Bogue has his say

September 25, 2012

Donegal manager Jim McGuinness celebrates at the final whistle with Leo McLoone ©INPHO
The journalist at the centre of the row with Jim McGuinness has hit back at the Donegal manager's claims.

The All-Ireland winning boss raised eyebrows when he insisted that Belfast Telegraph GAA journalist Declan Bogue - writer of the book 'This Is Our Year' - be removed from the Sunday's All-Ireland final after-match press conference.

The fall-out from the book resulted in Kevin Cassidy's well-documented removal from the Donegal panel after the Gweedore clubman had participated in an interview with Bogue.

The journalist penned a response to McGuinness in today's Irish Independent in which he gave his side of the story.

"After Sunday's final, I took my place in the press conference, just as I had for the quarter-final and semi-final that Donegal were involved in," Bogue revealed. "It was made known to me that Jim would not talk to reporters while I remained in the room. With their deadlines in mind, I left as discreetly as possible.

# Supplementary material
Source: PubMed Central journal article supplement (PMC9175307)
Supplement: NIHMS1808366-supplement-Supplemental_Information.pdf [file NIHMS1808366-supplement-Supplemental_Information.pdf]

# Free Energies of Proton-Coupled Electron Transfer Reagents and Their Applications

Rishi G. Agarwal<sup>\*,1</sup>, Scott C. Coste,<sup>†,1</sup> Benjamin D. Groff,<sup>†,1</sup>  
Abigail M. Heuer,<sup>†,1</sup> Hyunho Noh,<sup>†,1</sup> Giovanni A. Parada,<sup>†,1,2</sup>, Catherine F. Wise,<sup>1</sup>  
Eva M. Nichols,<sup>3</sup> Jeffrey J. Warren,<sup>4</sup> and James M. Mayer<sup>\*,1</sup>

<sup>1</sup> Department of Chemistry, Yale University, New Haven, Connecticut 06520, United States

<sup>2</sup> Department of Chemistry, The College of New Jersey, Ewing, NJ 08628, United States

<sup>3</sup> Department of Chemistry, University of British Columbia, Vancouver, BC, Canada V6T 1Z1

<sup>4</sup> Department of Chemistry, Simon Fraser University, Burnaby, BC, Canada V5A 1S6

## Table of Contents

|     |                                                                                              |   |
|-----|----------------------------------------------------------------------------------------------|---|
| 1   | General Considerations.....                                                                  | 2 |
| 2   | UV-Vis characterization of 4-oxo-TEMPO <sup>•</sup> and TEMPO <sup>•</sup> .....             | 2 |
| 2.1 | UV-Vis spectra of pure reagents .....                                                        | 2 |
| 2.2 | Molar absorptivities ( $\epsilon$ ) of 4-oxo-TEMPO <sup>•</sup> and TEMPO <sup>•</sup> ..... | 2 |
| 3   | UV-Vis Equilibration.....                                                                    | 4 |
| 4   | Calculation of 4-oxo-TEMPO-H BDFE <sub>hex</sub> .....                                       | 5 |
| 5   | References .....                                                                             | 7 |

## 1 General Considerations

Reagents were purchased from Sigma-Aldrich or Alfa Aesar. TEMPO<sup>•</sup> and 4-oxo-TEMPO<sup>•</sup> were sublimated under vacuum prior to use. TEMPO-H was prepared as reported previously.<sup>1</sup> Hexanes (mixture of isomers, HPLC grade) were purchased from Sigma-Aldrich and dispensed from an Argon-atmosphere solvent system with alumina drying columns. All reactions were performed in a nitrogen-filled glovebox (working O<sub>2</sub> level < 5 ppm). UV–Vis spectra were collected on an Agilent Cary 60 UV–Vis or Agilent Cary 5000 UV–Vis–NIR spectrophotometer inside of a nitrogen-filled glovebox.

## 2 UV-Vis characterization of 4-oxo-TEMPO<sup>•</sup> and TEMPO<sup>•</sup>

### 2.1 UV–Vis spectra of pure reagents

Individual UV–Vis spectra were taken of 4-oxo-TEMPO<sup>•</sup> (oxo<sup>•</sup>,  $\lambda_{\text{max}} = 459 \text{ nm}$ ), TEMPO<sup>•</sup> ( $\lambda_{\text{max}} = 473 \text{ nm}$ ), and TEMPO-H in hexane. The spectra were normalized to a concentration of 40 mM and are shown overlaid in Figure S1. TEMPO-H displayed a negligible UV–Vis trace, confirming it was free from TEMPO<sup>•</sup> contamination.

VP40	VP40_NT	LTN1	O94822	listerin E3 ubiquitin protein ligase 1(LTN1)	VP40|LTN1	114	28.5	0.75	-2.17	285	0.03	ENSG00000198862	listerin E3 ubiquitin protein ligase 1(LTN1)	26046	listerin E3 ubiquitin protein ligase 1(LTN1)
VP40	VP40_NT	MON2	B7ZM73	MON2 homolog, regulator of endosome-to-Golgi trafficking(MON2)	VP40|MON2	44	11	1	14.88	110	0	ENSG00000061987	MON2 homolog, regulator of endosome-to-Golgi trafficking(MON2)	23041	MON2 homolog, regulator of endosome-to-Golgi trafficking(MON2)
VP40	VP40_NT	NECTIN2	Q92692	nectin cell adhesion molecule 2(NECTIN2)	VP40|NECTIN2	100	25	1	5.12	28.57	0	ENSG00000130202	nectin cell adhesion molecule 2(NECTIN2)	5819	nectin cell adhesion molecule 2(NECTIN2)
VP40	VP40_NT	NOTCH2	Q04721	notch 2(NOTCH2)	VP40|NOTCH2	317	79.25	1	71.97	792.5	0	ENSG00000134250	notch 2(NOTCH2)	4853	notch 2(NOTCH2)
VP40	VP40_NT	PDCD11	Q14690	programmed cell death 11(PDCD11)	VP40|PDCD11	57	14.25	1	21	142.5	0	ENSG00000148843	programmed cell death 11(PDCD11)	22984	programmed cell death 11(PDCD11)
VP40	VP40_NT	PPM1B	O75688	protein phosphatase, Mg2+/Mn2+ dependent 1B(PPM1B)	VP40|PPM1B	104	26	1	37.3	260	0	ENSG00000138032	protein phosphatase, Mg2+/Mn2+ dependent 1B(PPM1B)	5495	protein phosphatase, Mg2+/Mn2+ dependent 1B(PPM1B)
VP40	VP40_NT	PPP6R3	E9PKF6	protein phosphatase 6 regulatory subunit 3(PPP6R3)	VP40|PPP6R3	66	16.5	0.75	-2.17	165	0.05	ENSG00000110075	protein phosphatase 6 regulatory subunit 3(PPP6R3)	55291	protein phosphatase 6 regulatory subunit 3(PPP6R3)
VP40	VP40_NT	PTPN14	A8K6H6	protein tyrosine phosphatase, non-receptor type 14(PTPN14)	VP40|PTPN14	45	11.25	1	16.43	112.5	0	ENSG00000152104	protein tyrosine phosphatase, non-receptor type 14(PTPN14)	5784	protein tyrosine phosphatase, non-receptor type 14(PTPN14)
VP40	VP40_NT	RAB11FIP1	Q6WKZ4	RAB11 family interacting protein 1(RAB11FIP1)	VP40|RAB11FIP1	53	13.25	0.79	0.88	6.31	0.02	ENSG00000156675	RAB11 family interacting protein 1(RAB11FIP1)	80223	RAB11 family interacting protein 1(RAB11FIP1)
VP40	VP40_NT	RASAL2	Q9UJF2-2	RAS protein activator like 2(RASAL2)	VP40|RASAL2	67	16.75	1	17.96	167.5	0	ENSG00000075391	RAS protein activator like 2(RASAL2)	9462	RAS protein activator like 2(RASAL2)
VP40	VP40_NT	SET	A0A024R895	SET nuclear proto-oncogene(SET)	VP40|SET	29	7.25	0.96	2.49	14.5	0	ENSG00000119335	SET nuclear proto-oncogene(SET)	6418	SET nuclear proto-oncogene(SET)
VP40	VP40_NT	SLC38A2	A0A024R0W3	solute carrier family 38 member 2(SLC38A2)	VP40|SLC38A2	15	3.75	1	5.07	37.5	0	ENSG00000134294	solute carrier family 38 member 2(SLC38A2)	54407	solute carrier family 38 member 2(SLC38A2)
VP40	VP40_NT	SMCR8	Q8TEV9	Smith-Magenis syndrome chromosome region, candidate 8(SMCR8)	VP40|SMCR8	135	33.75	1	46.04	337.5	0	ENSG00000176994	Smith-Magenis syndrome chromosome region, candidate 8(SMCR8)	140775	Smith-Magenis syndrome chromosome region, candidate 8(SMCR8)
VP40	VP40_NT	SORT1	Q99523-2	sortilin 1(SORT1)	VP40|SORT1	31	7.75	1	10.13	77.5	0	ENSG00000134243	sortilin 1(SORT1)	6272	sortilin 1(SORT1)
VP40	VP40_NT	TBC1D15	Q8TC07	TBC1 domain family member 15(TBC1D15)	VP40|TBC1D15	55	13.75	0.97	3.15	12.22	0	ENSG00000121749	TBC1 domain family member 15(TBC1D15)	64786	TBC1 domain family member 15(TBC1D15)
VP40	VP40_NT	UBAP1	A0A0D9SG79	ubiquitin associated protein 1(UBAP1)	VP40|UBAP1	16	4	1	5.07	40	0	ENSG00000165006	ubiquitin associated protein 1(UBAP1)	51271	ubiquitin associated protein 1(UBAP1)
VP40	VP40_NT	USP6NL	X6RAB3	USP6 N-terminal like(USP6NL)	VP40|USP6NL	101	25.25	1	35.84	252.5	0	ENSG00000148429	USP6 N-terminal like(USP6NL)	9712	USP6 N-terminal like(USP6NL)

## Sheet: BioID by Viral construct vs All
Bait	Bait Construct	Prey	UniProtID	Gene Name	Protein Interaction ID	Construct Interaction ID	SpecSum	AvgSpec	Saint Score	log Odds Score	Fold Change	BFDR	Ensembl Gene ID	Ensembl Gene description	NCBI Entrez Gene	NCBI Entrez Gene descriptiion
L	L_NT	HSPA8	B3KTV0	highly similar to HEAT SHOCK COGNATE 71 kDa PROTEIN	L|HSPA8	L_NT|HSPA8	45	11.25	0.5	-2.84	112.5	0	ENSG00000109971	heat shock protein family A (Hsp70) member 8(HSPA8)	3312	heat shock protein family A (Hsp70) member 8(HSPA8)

"Without the prospect of being challenged, Jim then talked about the book. Just as he had at pre-championship chat night in Armagh. After a while, he refused to take questions on the matter.

"It was stated that I had no researcher on the book, which is an odd concept. Taking first-person accounts on a season was the format of the book. To question that is to question the honest of Kevin Cassidy's version of events.

"As for mention of vile attacks on Jim's character, I do not believe there is a case, as 'This Is Our Year' is nothing short of a eulogy to the management of Donegal in 2011. With absolute certainty, I say that nobody was "degraded" by the book."

Bogue insisted he stood over the book's content and that he has 'nothing to apologise for'.

"What am I responsible for? I don't know. Jim has never referenced specifics. It is this crude treatment that should be challenged, as should the precedent of a manager ejecting a reporter from a press conference. Calls for an apology are strange when the author is unaware of where the offence likes.

"I challenge people to read the book. This is not an appeal for sales, but a desire for honesty. Read Jim's quotes by all means, but then read the book and see if you can reconcile his pain with the content.

"I completely stand over this book and have nothing to apologies for."


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